I’m sure you don’t need reminding, but 2020 has been a chaotic year. Many of the predictions that were made for the finance industry at the end of last year were being ripped up by the time spring came round. As we move towards 2021 with coronavirus still causing havoc and uncertainty, it can seem challenging to predict what the future of the industry is going to hold. There is, however, several trends that can be expected to develop and progress despite turbulent times. Often these have been accelerated by the impacts of the virus. Still, broadly they represent longer-term trends in the finance industry and will shape not just the year coming but many years into the future. Four of these key trends to look out for as we approach 2021 are examined here.
Evolution of the Customer Journey
With lockdowns throughout 2020, meaning that most financial services have had to be performed online, a sharp focus has been thrown on customer experience in banking. A growing trend across many industries is the increased personalisation of services, utilising the vast volumes of data collected to offer products and features that are tailored to an individual’s needs. The modern customer demands a more personal and catered service, and one that can be provided to them exactly when they want it, typically at the click of a button. As they say, the customer is king, and financial services are no exception to this.
Meeting these needs ultimately comes down to what technology can be deployed. The developments in the scope and use of technology in finance have been positive green shoots in an otherwise difficult year. We’ve already seen improvements in the use of conversational AI to service customer queries and remove the frustrations of waiting on the phone, particularly with branches out of action for the time being. Over the coming months and years, we can expect to see a raft of new tech being delivered. Whether it be the use of AI to provide meaningful insights and advice on your financial habits or the use of data analytics to pool together a complete view of someone’s finances; the end goal will always be an improvement in the customer’s experience.
Collaboration over Competition
One area where I expect to see growth throughout the next few years is through the application and development of Open Banking and its potential uses throughout the industry. Open Banking employs an open API model to let firms access the financial data of customers using other applications, gathering and collating this information together to provide truly unique solutions. Applications like Cleo and Plaid have been finding success in utilising Open Banking’s potential and combining it into sleek and smart products. We are likely to see many more following suit in the coming months. Watch this space.
Alongside this, I think we will start seeing the development of finance ecosystems in which multiple firms work together to deliver a wider variety of products and services to consumers. Expect to see more established players with larger customers bases collaborating with Fintech start-ups with unique products but without the reach or scale to deliver to consumers.
The Struggles of NeoBanks
2020 has not been a good year NeoBanks. The digital native banks have grown so strongly up until this point, and 2021 is looking perilous too. Monzo and Revolut, two of the most established in the UK, have both struggled this year and we’ve seen considerable losses and redundancies, with paths to profitability pushed into the distant future. These were the stars for the future of banking, a shake-up of the joyless and stuffy monopoly that high street banks held over customer accounts. But the revolution has slowed, and now could it stop completely?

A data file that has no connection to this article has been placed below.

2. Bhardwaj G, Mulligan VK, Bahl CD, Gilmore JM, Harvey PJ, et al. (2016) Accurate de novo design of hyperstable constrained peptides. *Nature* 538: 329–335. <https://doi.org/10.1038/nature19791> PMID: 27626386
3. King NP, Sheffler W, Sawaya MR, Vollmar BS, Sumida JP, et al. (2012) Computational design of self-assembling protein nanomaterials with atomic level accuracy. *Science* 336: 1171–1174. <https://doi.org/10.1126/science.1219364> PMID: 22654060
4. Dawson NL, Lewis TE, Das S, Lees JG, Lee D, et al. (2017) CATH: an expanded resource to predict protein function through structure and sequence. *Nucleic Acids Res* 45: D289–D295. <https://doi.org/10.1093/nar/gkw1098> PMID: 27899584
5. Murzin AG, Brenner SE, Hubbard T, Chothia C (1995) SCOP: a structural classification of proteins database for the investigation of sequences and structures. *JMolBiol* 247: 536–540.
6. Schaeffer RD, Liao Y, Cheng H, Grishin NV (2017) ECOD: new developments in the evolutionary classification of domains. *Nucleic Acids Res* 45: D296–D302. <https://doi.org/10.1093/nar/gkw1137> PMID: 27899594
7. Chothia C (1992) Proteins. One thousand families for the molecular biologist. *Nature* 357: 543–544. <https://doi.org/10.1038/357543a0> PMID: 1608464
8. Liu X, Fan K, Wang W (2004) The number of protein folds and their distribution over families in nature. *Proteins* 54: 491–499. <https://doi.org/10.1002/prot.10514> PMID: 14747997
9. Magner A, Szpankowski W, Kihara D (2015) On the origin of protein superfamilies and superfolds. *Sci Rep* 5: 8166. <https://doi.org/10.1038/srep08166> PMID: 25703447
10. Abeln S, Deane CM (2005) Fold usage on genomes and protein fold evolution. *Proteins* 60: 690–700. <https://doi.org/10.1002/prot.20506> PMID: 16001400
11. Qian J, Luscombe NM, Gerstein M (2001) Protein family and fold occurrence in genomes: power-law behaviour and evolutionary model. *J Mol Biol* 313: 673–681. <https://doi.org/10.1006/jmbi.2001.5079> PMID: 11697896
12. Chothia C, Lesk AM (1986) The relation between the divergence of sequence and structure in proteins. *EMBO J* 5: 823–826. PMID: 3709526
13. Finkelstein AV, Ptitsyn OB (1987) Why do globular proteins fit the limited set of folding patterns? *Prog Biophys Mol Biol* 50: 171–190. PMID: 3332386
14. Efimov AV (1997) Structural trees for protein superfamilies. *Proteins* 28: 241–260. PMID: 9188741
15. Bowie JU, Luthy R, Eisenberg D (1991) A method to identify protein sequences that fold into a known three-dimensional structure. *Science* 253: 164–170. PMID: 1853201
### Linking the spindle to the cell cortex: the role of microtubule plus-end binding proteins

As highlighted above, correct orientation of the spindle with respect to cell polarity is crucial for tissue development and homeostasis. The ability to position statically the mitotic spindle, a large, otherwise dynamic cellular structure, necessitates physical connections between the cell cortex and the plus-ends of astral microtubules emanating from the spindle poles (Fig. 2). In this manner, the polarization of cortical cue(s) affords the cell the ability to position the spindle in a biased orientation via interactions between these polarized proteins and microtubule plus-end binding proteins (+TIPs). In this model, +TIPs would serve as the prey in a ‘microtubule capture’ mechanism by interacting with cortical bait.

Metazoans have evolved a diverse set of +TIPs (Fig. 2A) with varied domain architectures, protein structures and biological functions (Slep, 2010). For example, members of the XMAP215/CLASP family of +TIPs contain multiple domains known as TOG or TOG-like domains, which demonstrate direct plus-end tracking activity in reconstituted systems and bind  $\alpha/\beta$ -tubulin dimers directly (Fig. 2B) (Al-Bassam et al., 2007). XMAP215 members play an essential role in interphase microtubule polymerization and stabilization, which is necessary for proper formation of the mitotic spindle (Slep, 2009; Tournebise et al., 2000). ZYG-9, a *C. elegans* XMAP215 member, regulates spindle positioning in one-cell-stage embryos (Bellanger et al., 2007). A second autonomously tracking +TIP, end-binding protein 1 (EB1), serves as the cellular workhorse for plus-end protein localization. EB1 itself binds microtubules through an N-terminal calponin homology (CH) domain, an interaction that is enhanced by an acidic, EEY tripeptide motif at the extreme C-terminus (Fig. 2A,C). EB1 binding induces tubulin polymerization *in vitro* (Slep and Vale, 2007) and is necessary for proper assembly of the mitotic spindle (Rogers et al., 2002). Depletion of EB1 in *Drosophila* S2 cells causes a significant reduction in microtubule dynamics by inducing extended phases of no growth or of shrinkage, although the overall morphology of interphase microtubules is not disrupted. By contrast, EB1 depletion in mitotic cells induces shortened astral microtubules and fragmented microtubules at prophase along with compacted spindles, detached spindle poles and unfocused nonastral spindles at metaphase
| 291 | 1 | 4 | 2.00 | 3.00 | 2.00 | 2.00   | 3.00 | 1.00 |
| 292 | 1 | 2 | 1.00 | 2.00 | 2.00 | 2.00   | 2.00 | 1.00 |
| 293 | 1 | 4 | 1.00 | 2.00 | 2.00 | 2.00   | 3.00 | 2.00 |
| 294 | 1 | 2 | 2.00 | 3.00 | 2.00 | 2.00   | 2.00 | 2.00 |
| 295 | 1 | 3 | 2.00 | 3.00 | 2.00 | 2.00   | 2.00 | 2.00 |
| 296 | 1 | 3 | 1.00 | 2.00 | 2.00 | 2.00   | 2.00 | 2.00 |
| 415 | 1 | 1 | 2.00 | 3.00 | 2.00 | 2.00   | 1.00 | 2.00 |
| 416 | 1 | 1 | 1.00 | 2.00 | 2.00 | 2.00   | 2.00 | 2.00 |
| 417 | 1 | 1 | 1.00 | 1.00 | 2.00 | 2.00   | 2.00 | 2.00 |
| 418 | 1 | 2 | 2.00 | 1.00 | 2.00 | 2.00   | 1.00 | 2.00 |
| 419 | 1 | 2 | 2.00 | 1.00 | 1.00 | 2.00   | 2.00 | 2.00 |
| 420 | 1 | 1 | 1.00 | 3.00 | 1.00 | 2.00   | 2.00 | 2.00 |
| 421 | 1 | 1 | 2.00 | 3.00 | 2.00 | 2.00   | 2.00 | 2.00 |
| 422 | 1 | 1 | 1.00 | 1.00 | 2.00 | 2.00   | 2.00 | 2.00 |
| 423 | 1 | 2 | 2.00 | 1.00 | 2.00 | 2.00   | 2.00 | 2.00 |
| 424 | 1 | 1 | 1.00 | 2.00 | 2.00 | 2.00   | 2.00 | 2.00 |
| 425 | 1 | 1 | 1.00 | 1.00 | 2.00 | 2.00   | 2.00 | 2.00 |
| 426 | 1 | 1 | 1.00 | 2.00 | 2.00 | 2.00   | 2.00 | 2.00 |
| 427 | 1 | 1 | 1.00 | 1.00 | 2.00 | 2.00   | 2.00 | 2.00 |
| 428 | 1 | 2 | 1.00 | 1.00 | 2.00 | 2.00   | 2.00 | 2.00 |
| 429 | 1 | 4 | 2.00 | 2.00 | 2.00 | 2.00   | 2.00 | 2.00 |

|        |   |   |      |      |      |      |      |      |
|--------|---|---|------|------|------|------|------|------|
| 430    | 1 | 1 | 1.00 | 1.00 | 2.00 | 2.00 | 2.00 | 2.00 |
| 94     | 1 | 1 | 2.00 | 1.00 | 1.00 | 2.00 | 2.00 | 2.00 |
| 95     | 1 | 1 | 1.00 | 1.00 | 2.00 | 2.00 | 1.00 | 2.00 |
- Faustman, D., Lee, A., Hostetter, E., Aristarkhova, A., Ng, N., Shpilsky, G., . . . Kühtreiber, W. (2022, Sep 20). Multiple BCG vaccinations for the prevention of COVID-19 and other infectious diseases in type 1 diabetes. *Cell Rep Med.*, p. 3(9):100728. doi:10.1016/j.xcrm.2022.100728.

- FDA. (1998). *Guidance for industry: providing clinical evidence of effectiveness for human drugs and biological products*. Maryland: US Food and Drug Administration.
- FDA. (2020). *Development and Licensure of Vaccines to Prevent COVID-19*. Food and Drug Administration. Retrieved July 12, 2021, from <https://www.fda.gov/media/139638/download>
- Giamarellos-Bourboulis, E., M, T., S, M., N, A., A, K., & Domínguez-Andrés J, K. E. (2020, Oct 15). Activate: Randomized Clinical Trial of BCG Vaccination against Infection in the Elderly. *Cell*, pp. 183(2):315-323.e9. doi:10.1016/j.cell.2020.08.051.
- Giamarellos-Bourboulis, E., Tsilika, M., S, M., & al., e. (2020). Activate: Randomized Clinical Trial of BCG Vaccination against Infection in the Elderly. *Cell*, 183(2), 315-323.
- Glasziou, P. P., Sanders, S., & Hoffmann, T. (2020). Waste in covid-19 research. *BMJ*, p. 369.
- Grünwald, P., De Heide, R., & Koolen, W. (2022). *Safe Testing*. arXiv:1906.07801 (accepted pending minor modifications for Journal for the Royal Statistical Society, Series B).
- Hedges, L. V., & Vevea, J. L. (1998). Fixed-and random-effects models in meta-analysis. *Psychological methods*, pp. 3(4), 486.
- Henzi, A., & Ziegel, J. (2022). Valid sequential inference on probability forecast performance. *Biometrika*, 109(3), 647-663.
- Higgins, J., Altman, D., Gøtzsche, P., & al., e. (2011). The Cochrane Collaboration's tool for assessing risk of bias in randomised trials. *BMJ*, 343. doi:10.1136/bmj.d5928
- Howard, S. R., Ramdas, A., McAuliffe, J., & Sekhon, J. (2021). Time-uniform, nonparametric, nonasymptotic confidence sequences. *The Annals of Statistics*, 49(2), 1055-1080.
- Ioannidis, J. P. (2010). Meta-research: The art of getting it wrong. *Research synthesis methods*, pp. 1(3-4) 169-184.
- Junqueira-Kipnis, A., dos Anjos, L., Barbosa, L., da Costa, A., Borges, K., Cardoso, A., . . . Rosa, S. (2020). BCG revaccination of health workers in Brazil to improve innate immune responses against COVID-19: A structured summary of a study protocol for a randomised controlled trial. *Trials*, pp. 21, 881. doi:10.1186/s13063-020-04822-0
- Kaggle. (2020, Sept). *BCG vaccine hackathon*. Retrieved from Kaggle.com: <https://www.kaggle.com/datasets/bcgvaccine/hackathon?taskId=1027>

The expectation is that these struggles will continue. Low customer profit margins, falling revenues, and continuing regulatory cost pressures are just some of the challenges that will be faced. Although NeoBanks have been introducing subscription models to try and build an extra revenue flow, there is notable scepticism around whether these can stem the cash shortfalls at the levels they are seeing. Combining that with incumbent high street banks who are starting to close the digital gap,all in all 2021 does not look too much brighter for the NeoBanks.
The Digital Currency Debate
Back in March, the Bank of England published a discussion paper around the introduction of a Central Bank Digital Currency (CBDC)- a new digital payment instrument that could be used to make payments by households and business alike. It is in response to the continuing decline of cash over the past few decades and the rise of private cryptocurrencies like Bitcoin.
Central Banks are traditionally very slow to change their policy and innovation is rarely prioritised over stability, but here we could be seeing a break from the norm with a recent study showing 80% of Central Banks are actively investigating the concept. Estonia have even made a form of cryptocurrency a pseudo-national currency. Although it will take a few years to develop, 2021 is likely to be full of policy and technical analysis, and perhaps even pilot studies as central banks grapple with the design and consequences of such a drastic shift to the monetary landscape. With Brexit causing jitters in the city, could the Bank of England look to take the lead in this area and showcase London and the UK as an innovation hotspot to the rest of the world?
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